6. (C) Every decent lunch in Slovenia includes two things:
good domestic wine and conversation about the shortcomings of
the Slovene media. After the Ambassador described his
concern that the Slovene media (all major dailies are
center-left) were "unbalanced," Drnovsek agreed and
confirmed his own problems with media in the country. He
noted the irony that in the 1980s Slovenia's journalists
wrote against the non-aligned policies of the former
Yugoslavia and were largely pro-West and pro-NATO. Now, many
of these same personalities have swung 180 degrees back to a
"Yugo-nostalgia." On a more positive note, Drnovsek thinks
that the departure of Kucan from the political scene has
probably helped the media situation since Kucan was often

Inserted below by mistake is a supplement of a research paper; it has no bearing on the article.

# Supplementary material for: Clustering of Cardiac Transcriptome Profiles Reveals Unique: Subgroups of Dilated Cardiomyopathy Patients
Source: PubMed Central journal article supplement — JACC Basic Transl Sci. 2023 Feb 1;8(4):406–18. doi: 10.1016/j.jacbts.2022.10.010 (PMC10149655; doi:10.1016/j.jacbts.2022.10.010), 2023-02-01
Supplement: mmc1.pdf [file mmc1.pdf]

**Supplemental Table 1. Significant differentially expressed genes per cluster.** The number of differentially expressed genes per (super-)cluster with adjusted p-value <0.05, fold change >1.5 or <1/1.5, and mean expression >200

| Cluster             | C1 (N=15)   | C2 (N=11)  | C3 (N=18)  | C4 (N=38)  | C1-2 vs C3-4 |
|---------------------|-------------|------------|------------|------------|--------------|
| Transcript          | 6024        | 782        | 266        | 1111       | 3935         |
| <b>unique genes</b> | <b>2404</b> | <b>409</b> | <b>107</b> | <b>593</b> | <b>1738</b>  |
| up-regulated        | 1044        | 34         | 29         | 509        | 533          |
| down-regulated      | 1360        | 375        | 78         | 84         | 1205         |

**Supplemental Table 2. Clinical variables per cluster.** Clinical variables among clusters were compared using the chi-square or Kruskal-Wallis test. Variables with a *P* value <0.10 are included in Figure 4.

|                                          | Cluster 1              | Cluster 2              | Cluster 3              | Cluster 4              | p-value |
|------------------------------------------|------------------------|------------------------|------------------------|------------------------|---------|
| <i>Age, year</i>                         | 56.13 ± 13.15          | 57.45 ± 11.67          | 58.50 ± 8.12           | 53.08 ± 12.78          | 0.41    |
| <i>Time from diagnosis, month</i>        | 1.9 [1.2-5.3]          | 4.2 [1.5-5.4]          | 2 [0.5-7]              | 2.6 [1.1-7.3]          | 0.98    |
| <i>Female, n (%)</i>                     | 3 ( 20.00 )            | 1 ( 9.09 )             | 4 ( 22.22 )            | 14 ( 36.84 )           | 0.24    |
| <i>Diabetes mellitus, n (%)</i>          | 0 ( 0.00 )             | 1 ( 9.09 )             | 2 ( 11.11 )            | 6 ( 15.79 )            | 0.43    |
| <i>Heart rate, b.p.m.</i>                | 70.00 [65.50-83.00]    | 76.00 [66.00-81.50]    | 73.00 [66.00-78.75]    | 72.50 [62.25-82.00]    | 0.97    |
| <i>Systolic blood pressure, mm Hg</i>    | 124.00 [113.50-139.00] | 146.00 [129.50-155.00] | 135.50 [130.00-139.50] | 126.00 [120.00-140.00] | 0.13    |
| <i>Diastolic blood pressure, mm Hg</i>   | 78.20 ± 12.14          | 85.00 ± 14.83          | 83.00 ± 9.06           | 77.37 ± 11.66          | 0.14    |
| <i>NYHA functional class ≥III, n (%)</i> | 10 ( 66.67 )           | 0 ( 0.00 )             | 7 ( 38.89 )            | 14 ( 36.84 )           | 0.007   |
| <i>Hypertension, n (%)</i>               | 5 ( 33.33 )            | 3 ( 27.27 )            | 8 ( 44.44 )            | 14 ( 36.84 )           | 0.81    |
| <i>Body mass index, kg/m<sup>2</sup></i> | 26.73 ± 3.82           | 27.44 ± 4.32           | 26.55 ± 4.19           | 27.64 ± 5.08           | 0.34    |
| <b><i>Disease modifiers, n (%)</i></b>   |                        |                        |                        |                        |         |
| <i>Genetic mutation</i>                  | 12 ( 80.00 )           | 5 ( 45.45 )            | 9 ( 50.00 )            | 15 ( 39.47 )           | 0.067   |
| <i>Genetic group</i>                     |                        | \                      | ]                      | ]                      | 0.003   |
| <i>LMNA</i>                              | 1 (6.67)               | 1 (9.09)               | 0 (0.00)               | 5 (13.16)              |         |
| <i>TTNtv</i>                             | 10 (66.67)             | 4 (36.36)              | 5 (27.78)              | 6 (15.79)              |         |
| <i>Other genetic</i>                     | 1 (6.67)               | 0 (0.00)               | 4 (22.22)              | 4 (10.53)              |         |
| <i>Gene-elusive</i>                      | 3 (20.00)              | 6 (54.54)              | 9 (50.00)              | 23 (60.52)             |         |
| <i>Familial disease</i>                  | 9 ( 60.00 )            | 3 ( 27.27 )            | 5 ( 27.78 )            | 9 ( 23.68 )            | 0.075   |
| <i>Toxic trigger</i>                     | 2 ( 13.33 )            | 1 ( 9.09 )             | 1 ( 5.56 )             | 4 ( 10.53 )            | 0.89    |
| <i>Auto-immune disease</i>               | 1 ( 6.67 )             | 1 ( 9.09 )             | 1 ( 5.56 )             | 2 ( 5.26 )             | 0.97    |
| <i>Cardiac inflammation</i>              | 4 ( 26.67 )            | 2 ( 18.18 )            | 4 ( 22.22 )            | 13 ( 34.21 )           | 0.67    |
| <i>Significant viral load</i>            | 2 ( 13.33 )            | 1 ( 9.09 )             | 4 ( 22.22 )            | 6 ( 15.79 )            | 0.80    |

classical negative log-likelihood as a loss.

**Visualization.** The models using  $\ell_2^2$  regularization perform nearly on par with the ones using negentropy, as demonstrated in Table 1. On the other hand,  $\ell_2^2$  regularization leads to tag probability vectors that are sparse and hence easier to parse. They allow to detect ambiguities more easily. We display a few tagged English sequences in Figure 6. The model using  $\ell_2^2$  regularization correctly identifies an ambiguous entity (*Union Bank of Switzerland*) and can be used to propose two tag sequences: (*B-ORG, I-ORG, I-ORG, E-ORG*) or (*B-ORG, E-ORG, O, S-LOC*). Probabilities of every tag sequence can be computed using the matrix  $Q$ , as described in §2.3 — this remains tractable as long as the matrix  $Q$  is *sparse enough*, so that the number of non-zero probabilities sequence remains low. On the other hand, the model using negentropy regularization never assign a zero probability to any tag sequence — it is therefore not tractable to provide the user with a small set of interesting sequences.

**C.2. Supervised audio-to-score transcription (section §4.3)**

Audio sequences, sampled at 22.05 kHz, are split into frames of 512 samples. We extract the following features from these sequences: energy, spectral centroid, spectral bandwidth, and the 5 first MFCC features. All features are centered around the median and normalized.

thought to be meddling and exerting pressure on the media.
Drnovsek wryly smiled and noted that he doesn't do that. He
added that the Russians also complain a lot about the
Slovenia's press "tough" stance on Russian policies.


7. (C) COM asked Drnovsek his views on Jansa's slight
movements forward in Iraq policy over the past few months,
noting also the strong backlash in the media. Drnovsek
indicated that public opinion and the media remain very
opposed to sending Slovenes into Iraq. But he said frankly
that if he had been PM two years ago at the time of the war,
Slovenia would have been part of the coalition. Ex-PM Rop
was unwilling to take this risk. Now, Slovenia is probably
less inclined to go, since it sees the Italians and others
looking for ways to withdraw. Jansa could send troops if he
wanted, but the opposition and media would make him pay a big
political price. Drnovsek said it would be easier if troops
could go and help train outside of Iraq, or if they were part
of a larger NATO operation. Besides, in terms of U.S. policy
towards Iraq, "our input doesn't matter" to the U.S., he